We’re behind schedule the next morning when Sherman and I watch a truck pull away from the loading dock and another back in. I jump off my forklift to stretch my legs. An Army Ranger during the Vietnam War, his weight has doubled since he plied the jungle, but he seldom talks about those days.
“Teamsters,” he grimaces. “If Reagan wants to break a union, he should break the Teamsters.”
“He could try.” The drivers took their normal break even though the shipments were ready to load. We’ll be working late.
Sherman can tell I have something more to say. He furrows his brow.
“It’s really none of my business…” I begin.
“You’re right. None of your business.” He drawls in a low gravelly tone just louder than a whisper. When he’s angry his face glows deep red, almost purple. He’s not that angry yet but a red bruise blossoms on his cheek.
I shrug my shoulders.
He frowns. “Gloria asked you to talk to me, right? Sorry she dragged you into it.”
I don’t say anything.
Sherman lays his big hand on my shoulder and says, “I dug the tunnel and I have to dig my way out.”
I dip my shoulder and slide away, nodding my head as I climb back onto my forklift.
By the time the last truck belches its cloud of exhaust and pulls away, my legs are numb and my butt aches from my long day of sitting in the forklift cockpit. I have just enough time for a fifty cent cup of machine coffee and a Snickers bar before heading down to the air-conditioned computer room known as the morgue.
As I push through the air-locked door, I see the back of a small woman sitting at a terminal on a wooden table lined with a keypunch machine, a card sorter, a tray of cards and an overflowing ash tray, all littered with cardboard punch chads. Next to the table rises a blue cabinet with white block letters identifying the PDP-11 main frame.
As I step up to the raised floor, Angie leans forward and her worn black jeans tighten around her cheeks, pushed up by the cushion of her stool. She spins to face me, resting her elbows on her knees, and she eyes me with a tilt of her head. I try not to stare at the cleavage framed by her wide necked black tee shirt, but she catches my glance. She grins and looks away as she sits up straight.
“You must be Curt,” she says in an official tone as she purses her blackened lips. “Your moustache is famous.”
Feeling suddenly warm despite the cold air, I take her extended hand for a quick shake before she pulls it away.
“And you’re Angie.”
“Of course I am.”
She pats the stool next to her. I roll it away from the table and sit down.
“Your job failed to run last night.” She points at her monitor. “You see this percent sign?”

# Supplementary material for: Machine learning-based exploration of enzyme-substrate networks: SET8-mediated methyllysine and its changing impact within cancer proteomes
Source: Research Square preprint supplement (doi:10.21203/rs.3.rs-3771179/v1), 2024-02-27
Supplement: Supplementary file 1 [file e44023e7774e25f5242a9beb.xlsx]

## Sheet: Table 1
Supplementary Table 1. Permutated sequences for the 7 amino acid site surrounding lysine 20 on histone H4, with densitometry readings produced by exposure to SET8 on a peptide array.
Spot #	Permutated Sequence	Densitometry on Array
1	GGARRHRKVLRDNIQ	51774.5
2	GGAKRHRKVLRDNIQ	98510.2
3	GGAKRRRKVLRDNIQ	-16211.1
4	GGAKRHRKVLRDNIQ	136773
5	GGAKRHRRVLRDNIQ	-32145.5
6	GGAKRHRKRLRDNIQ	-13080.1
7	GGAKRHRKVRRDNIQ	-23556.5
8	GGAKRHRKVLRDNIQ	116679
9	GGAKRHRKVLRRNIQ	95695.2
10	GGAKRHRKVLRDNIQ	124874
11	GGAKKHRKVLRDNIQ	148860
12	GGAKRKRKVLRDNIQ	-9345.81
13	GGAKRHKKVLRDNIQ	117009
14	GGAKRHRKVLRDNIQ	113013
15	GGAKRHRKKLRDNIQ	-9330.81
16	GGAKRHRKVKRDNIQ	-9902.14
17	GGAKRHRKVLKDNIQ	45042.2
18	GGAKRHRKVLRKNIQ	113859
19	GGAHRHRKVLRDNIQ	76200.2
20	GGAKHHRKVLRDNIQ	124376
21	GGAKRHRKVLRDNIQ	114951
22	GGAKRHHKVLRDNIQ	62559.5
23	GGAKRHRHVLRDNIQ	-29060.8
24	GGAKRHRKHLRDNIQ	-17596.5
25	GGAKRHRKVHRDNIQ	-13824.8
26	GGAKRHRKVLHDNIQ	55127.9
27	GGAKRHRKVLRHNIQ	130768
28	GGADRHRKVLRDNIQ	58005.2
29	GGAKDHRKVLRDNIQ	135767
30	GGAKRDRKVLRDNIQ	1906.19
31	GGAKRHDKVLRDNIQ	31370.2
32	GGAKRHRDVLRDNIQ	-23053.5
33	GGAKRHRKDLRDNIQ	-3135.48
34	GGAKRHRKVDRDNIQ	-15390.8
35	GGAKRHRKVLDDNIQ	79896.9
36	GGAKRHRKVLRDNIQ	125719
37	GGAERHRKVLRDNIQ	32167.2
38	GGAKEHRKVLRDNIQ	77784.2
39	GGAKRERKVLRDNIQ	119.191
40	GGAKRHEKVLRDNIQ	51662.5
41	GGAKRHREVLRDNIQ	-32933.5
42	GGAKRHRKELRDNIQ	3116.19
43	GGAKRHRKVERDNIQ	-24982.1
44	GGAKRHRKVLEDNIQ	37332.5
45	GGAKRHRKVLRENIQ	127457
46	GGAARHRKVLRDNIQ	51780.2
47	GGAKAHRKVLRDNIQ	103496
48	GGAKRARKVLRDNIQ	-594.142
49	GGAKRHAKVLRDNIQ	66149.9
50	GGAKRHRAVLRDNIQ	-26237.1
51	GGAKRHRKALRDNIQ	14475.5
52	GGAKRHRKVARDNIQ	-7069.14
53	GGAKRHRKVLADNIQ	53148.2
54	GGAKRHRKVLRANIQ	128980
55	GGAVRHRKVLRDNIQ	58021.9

I lean toward the screen and make out the white symbol on the black screen above the pulsing input marker. I follow her finger, breathing her earthy perfume. She spins toward me to make sure I’m listening and her long black hair brushes my shoulders.
She waves her hand, black fingernail polish gleaming in the diffused light. “You need a card with a percent sign just after the header card.”
“I didn’t see that in the manual.”
“Not there. We got an update this week and the idiot who wrote the program added an enhancement,” she sneers.
I shake my head as she sighs and reaches for her pack of cigarettes. “Took me awhile to figure it out.”
Sliding her ashtray closer, I push my stool back to give her room to light her Newport. She blows out a cloud of menthol smoke, and says, “I could hack the executable, but it’s easier to fix the inputs until they send us an update.”
She leans back as a wisp of smoke rises toward the ceiling vent. “Maybe I could run the backup,” she muses. “Nah.”
“Percent card, it is,” I reply.
“Until I tell you different.” She points at my face with her cigarette. “Are you on mail and messaging?”
“I just got a terminal.”
She stares at me and raises her eyebrows.
The trucks are late again the next morning. After missing lunch and working through the afternoon shift, I bring the manifest copies upstairs to enter the data on punch cards when one of the two keypunch machines frees up. While I wait I sit down at my terminal and log into the system and mail, hoping to exercise the new commands I learned from the PDP manual last night. I see the reassuring entries from the last run:
sys: ShipJob running
sys: ShipJob finished
In a moment another message appears: